By 1666 she had been fitted with a further eight guns to take her up to a total of 48 and was manned by a crew of 170.  She was rebuilt again in 1689.  In 1704 following the outbreak of war in 1702 she was refitted at Deptford by shipwright Fisher Harding, and relaunched as a 552 long tons 4th-rate ship of the line with 50 guns, again a fourth-rate ship of the line.  She was 126ft 8in (measured along the gundeck) with a 34ft 5.5in beam and a hold of 13ft 6in (4.1m) deep.  She was again full-rigged.  She sailed from Deptford under Captain Thomas Lyell and again travelled widely under a number of different commanders:
  • In the North Sea 1704
  • In Barbados 1706
  • In 1708 with Baker's squadron on the Dutch coast
  • In the Channel 1709, and from there to Lisbon and then Jamaica in the same year
  • In Jamaica 1710
  • Back to England in 1711
  • In the Mediterranean in 1712
  • Major repair at Woolwich in 1717 costing £2007.
  • Recommissioned 1718

There is some confusion about who commanded HMS Taunton during which periods. Different accounts from the period place different commanders in charge of her simultaneously.  It seems clear that she was launched under Captain Richard Lyons and was soon under the command of Captain Thomas Vallis when she was at Tunis with Blake's fleet in the Mediterranean.  She came under Lyons again in 1655, after which he resigned and was than assigned once again to Blake's fleet under Capitan Nathaniel Brown.  She was back on the Thames in 1656 but was once again under Blake, this time taking part in the Battle of Santa Cruz in 1657.  She had numerous other commanders in her 65 year history, some of whom are listed on the threedecks website.

HMS Crown was "bilged and sunk" (Riff Winfield 2009) on 21st January 1719 under St Julian’s Fort at the entrance to River Tagus in Portugal.  At 65 years of age she had a long life, always a challenge for a wooden warship in active service. She was awarded battle honours, and had a successful and worthy career.

The Four Days Battle of 1666, in which Taunton (by then HMS Crown)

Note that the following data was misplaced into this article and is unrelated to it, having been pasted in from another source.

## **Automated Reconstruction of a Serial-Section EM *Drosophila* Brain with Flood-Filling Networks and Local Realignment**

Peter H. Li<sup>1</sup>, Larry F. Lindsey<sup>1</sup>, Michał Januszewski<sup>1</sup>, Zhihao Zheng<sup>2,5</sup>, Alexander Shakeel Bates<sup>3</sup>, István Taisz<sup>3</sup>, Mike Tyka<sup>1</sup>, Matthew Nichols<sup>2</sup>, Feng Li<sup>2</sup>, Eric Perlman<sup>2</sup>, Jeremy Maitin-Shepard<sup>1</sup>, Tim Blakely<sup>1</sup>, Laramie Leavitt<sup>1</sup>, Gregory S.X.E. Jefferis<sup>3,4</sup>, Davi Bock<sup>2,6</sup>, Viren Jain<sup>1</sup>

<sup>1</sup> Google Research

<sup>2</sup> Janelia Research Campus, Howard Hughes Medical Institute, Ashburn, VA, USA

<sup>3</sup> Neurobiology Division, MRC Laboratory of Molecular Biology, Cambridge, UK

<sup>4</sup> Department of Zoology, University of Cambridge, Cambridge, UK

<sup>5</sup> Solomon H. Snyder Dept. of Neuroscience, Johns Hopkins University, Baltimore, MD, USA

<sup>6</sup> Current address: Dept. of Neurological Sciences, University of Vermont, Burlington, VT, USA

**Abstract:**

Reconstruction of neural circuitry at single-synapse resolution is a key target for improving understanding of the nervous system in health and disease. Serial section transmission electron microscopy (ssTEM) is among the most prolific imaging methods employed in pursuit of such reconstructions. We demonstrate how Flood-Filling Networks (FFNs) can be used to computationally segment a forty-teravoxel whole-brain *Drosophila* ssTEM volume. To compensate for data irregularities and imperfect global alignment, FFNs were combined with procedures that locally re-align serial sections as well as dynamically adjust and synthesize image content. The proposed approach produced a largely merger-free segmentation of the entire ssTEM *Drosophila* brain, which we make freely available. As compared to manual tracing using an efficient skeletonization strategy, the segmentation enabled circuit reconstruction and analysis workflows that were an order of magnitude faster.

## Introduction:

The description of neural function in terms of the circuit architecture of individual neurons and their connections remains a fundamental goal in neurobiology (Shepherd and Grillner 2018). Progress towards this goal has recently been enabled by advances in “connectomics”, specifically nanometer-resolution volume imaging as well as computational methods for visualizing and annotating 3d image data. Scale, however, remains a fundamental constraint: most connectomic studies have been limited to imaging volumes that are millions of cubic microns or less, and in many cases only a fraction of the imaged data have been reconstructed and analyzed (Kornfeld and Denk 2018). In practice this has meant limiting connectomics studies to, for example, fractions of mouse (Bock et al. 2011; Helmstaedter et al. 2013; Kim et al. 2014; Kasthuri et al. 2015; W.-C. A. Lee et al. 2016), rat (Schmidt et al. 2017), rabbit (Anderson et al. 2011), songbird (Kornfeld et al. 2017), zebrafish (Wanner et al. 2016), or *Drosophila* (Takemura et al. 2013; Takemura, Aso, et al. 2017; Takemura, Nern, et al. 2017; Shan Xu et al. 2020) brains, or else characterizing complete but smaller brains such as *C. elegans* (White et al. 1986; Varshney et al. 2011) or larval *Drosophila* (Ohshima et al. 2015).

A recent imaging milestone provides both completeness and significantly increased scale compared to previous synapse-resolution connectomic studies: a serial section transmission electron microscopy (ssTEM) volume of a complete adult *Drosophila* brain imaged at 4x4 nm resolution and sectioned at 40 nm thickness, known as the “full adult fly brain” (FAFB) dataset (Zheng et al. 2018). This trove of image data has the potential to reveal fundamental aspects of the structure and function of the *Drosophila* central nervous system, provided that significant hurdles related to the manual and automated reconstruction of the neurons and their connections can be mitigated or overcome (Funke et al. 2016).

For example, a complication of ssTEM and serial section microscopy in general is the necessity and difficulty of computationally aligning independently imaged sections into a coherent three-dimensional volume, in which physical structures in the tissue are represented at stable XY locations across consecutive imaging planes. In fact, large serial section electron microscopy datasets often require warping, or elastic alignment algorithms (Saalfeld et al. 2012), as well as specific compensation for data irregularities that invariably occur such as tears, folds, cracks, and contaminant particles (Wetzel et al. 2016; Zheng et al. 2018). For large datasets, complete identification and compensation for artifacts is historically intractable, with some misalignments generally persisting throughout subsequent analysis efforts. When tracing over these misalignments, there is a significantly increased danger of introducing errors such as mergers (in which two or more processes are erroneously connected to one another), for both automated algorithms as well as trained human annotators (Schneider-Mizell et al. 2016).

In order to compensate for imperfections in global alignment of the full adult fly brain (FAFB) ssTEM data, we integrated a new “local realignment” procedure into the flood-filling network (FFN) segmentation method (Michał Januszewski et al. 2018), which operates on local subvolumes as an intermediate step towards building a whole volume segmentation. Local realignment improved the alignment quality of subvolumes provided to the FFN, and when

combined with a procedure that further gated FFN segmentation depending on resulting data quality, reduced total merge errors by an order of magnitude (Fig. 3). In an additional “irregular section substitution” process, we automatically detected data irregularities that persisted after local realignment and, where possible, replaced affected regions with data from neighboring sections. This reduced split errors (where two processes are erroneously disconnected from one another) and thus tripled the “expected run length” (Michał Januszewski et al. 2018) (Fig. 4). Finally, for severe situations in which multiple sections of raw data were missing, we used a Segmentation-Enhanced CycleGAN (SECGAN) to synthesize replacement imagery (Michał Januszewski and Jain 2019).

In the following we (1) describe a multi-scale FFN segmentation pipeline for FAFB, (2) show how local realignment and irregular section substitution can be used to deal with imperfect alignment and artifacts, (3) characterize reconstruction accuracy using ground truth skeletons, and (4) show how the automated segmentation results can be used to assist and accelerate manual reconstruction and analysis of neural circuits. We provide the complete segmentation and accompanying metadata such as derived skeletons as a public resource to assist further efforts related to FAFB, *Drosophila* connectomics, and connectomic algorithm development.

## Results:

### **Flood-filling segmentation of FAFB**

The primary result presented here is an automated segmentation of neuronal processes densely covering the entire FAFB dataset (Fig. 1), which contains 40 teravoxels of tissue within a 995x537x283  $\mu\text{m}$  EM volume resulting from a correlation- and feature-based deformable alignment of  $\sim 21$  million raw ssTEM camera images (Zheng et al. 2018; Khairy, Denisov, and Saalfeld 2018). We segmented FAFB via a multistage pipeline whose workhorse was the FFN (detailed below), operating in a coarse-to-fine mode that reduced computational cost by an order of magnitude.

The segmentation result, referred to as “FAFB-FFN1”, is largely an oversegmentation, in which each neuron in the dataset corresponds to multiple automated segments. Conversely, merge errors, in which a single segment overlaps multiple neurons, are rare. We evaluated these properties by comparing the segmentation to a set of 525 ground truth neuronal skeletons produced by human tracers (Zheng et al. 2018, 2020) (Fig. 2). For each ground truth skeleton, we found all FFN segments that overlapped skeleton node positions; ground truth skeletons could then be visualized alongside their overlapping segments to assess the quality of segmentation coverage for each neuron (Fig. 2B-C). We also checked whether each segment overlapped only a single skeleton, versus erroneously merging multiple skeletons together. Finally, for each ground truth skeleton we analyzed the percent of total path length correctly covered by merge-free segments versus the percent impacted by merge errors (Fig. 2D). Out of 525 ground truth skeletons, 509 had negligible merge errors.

took part.  By Pieter Cornelisz van Soest.


Sunday, May 10, 2015

Low tide at the Thames foreshore, Rotherhithe

Taking advantage of the late morning low tide yesterday, I took two friends down into the foreshore mud.  They had never ventured onto the Thames foreshore before, and we had for a thoroughly enjoyable few hours fossicking around.  We descended the stairs at the Surrey Docks Farm, crossed in front of Nelson's Dock at the Hilton Hotel (Cuckold's Point) and walked as far as the river would let us before climbing up the stairs at Columbia Wharf and walking to the Old Salt Quay for a bit of refreshment. After that we went for a potter along the foreshore at Hanover stairs, where the houseboat is moored, and where there were three Egyptian geese at the edge of the water, looking distinctly exotic and out of place.  We went to look at the old ships timbers that still lie near Clarence Pier before going for a wander along the water's edge.





Having seen what people pull off the foreshore at Greenwich and much further upriver I know how spectacular and fascinating some of the finds can be, but Rotherhithe produces much more modest offerings. The nicest piece of the day was a beautifully decorated piece of clay pipe bowl, with what looks like a climbing rose on the bowl itself and a traditional leaf pattern along the seam.






We picked one piece of pipe stem that was marked with the word PLUMSTEAD.  On the other side it reads very clearly H. DUDMAN.  A bit of pootling around on Google reveals that the maker was one Henry Dudman of Plumstead, Surrey, who was manufacturing clay pipes in the 1800s.  He lived at 71, Bloomfield Road, Plumstead, and pipe manufacturing was his livelihood.